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Technique - Passenger briefing

Technique - Passenger briefing

This is your captain speaking
Passenger Briefing
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Passenger Briefing

For many first-time passengers, flying in a small airplane is both thrilling and terrifying. It’s your job as pilot in command to make them feel at ease. For that reason alone you should spend time doing a passenger briefing that even a jaded flight attendant would love. Most of the basic briefing items might be related to safety, but it’s the extra touches that will transform your image from daredevil to doting captain.

The essentials

Seatbelt, Doors, Fire SuppressionSeat belts

Operation of seat belts is the only FAA-required briefing item. Airplane seat belts can be complicated, even for other pilots. Make sure everyone knows how to fasten and unfasten, and when the lap and shoulder portions should be worn.


Car makers have generally figured out how to standardize door handles. Not so with airplanes. Demonstrate how to open and close the door, the location of all the exits, and how to kick out the windows if the doors won’t open after an accident. Also, be sure to mention if one of your doors has a habit of opening in flight.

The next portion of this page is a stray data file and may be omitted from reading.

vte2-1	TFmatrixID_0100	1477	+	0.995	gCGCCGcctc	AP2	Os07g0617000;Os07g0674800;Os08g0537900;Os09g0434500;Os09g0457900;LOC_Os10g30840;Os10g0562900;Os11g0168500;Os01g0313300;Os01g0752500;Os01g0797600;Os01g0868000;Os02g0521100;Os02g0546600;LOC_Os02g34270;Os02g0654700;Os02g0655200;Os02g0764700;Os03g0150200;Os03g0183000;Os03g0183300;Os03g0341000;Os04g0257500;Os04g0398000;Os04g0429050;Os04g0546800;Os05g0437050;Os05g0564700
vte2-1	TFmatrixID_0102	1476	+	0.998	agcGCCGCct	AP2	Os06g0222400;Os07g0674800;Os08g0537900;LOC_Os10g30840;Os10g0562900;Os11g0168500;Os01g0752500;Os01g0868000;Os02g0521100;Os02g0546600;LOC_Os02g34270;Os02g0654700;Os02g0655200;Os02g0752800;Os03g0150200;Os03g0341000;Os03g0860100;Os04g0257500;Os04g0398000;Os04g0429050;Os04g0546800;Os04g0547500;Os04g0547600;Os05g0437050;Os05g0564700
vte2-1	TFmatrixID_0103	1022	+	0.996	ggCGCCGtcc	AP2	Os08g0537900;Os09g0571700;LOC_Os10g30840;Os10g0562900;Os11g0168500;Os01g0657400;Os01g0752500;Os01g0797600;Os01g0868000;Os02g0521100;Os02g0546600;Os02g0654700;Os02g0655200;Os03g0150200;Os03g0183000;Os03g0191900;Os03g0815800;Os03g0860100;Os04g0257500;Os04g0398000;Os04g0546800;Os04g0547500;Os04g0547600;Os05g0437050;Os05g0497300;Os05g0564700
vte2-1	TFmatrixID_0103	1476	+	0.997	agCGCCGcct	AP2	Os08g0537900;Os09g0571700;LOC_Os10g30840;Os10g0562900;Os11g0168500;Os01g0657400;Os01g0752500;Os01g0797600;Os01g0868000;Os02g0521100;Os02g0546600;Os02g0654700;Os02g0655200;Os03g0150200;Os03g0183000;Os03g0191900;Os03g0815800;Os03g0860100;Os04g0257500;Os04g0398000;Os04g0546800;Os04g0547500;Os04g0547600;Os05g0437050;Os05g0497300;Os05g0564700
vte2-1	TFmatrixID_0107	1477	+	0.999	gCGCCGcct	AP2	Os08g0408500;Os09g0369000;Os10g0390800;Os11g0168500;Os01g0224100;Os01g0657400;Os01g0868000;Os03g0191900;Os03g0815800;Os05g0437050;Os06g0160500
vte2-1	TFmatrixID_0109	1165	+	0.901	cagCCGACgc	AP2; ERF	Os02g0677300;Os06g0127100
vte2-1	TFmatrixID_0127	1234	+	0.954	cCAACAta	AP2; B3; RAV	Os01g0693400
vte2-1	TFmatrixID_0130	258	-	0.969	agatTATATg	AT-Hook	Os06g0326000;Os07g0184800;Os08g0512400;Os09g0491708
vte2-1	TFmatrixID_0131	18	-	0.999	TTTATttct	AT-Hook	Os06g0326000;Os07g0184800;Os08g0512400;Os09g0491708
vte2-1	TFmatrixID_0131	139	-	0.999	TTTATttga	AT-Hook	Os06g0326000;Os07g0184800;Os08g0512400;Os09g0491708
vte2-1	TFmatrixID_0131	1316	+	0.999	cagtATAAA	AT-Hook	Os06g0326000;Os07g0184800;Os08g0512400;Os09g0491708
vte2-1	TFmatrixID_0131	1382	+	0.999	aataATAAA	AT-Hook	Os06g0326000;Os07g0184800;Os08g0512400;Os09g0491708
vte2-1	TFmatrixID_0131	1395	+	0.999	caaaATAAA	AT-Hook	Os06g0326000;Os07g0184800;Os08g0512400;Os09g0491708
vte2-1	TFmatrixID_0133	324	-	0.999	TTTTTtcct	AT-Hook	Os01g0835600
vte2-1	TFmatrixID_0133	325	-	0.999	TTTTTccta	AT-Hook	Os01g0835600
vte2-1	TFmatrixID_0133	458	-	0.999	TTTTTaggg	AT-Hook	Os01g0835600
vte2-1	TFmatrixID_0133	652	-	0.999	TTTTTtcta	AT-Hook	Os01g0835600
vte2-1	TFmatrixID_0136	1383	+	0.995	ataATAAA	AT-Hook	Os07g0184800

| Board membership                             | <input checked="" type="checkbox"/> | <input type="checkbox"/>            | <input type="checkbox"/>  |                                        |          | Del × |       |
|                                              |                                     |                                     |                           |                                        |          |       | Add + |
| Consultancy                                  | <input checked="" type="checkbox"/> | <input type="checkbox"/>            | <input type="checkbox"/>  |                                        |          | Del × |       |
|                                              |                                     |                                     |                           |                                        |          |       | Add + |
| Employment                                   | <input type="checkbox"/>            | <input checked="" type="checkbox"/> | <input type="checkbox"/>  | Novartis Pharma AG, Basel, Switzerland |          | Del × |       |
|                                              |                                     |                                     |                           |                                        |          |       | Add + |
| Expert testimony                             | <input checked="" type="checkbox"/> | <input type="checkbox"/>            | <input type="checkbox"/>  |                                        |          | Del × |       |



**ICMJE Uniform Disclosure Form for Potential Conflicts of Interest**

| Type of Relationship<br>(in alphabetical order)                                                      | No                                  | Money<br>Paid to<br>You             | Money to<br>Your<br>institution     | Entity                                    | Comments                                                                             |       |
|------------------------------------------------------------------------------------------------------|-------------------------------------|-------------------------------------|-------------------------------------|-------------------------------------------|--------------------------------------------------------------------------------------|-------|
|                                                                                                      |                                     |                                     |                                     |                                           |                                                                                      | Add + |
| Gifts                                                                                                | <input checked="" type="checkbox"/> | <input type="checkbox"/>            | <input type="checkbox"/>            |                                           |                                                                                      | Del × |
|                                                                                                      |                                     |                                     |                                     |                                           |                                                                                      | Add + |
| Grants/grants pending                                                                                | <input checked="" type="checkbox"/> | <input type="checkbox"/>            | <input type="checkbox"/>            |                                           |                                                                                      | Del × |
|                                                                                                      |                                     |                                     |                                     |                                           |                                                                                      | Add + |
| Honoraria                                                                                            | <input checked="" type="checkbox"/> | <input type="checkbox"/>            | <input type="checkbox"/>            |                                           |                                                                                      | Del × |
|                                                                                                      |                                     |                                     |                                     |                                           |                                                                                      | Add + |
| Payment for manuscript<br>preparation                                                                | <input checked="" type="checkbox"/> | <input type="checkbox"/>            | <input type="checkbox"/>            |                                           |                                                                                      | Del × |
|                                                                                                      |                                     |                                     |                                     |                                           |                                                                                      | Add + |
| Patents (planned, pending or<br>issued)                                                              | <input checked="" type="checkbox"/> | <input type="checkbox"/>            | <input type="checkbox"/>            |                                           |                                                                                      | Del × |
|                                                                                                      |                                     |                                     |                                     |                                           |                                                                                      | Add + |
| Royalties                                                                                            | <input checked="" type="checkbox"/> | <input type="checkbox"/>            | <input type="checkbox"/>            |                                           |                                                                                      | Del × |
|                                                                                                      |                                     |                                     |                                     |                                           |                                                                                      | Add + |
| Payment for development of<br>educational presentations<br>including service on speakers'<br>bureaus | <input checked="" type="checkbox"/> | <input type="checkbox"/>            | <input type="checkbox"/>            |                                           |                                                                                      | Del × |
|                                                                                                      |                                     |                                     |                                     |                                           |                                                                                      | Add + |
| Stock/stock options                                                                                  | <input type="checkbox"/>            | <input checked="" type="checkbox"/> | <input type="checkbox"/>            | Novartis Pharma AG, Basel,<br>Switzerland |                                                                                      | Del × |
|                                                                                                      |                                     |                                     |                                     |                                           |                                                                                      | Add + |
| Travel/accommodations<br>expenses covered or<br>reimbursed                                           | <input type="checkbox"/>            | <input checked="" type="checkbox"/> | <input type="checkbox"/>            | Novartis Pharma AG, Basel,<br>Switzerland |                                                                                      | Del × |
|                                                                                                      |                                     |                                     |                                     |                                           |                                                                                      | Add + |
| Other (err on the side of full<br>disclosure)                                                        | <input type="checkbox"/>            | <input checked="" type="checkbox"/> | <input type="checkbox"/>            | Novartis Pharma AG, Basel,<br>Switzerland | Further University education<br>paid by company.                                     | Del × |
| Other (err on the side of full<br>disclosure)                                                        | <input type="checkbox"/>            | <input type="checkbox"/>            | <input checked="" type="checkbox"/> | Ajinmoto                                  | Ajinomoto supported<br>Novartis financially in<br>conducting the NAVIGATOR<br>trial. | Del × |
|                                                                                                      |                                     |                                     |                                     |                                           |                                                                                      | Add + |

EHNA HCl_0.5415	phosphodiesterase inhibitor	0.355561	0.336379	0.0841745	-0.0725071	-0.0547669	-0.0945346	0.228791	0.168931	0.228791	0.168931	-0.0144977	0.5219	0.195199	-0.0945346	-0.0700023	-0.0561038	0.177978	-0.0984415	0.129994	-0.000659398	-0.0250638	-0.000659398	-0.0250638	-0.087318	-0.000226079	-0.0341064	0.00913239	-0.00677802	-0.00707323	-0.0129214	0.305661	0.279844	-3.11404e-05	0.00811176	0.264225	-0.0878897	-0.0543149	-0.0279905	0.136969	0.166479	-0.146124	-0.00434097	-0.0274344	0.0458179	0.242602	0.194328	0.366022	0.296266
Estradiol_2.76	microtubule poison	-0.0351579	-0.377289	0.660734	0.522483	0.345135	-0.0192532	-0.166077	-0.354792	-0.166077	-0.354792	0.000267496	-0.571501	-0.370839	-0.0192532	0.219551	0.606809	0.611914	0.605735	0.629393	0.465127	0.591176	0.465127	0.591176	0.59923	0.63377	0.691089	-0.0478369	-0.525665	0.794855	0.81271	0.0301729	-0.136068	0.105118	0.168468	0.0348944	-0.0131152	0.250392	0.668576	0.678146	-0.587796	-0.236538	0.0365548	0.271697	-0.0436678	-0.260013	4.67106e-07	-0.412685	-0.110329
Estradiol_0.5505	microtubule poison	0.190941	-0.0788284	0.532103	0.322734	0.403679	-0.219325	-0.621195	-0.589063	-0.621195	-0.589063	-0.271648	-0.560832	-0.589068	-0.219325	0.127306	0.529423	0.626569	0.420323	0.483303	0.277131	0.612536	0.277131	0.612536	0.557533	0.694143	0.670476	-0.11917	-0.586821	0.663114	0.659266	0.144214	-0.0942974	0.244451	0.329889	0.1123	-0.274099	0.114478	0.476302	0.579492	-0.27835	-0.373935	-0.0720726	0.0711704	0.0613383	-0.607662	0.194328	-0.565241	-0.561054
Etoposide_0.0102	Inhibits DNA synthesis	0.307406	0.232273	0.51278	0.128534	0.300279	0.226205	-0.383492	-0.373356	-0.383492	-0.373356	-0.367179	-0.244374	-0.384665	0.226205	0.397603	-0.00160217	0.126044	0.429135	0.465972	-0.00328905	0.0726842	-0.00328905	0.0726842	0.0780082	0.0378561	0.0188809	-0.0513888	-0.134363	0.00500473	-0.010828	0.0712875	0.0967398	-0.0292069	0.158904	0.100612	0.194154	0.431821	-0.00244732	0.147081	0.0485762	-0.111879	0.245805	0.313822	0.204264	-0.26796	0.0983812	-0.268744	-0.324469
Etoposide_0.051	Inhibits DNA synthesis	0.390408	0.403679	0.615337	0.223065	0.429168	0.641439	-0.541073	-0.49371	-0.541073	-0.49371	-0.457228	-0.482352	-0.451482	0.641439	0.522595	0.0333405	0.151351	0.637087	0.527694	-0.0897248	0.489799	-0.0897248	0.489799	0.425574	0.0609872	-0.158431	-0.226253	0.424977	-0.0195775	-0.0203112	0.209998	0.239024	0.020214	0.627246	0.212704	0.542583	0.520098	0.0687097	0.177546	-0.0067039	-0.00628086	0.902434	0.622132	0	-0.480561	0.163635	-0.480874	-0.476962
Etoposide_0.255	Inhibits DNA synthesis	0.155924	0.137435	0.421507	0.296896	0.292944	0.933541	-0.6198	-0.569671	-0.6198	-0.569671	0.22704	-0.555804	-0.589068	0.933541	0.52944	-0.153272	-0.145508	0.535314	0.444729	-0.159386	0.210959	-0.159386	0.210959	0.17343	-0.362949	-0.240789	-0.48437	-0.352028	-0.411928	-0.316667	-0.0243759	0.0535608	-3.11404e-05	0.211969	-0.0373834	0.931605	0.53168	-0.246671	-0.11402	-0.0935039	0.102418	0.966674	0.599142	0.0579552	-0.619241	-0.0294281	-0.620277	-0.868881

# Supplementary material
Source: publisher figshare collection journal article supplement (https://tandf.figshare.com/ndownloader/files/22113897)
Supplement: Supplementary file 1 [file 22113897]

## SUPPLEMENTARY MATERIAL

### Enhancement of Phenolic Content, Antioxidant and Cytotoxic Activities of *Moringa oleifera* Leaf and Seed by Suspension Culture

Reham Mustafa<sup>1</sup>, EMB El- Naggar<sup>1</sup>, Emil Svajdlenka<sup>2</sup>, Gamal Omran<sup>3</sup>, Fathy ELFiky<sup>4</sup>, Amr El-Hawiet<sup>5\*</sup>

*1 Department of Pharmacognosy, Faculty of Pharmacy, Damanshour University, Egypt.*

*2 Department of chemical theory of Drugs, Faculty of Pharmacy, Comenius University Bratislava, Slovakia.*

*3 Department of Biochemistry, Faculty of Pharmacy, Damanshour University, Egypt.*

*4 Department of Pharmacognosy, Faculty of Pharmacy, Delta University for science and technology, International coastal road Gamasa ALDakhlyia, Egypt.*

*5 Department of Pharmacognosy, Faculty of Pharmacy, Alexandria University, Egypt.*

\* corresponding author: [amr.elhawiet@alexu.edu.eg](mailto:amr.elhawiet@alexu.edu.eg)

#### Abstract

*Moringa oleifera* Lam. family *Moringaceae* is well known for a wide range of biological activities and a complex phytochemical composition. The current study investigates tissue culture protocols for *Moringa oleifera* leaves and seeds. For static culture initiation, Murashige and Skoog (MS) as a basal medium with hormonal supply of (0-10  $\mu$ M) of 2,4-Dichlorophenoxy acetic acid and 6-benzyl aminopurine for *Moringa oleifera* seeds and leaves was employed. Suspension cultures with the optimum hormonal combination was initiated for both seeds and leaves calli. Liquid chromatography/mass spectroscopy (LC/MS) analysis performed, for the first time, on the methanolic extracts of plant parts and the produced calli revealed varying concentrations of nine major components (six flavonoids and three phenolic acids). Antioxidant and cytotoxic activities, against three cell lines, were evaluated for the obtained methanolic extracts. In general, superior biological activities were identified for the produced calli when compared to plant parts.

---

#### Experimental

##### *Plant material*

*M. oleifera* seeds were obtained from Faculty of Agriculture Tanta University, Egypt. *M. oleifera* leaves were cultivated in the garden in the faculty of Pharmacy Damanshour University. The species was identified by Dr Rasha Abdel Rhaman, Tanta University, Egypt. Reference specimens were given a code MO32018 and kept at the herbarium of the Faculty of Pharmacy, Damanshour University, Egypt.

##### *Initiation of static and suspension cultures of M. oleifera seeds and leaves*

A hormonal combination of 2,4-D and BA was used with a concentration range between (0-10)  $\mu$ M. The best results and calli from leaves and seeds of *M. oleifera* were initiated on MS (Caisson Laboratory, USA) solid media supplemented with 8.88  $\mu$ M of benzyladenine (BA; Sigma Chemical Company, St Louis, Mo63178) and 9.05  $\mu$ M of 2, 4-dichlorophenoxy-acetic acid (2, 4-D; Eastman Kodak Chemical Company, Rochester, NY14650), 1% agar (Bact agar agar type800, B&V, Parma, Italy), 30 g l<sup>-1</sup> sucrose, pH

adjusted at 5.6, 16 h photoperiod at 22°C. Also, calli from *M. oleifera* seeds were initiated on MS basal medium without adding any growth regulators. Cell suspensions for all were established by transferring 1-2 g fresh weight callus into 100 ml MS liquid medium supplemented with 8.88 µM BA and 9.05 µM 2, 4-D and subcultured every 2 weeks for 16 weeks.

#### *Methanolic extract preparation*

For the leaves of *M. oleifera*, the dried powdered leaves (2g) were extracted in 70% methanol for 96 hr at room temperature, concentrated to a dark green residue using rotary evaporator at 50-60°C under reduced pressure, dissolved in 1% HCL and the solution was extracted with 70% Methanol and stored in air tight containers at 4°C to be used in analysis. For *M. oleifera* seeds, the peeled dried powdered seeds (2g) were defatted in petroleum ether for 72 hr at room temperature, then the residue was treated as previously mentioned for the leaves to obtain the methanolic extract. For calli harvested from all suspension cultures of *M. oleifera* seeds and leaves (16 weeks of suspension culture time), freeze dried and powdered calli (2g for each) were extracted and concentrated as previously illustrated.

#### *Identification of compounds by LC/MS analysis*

Fire suppression

Point out the fire extinguisher and explain how to use it. Your rental airplane doesn’t have one? Buy one and keep it in your flight bag.


The good-to-know


Airplanes are a foreign environment. Give guidance on how to dress, both for the flight itself and in the event of an off-airport landing (boots, coats, hats, gloves, sunscreen, et cetera).

Signaling devices

A tutorial on how to tune and transmit on 121.5 MHz is helpful, as is a discussion of how to use a personal locator beacon, the emergency locator transmitter, and any survival devices.

Creature comforts

Maybe not today, maybe not tomorrow, but someday one of your passengers will get sick. Carry bags and point out where they are and how to use them. Also explain the location of the vents, heat, and sunshades.

Talk time

A strict sterile cockpit may not be necessary at all times below 5,000 feet, but mentioning when it’s OK to talk and when it’s not is a good practice. So is pointing out what a passenger can touch and what he or she absolutely should not (we’re looking at you, ejection handle).
Ian J. Twombly
Ian J. Twombly
Ian J. Twombly is senior content producer for AOPA Media.
Topics: Technique, Takeoffs and Landings

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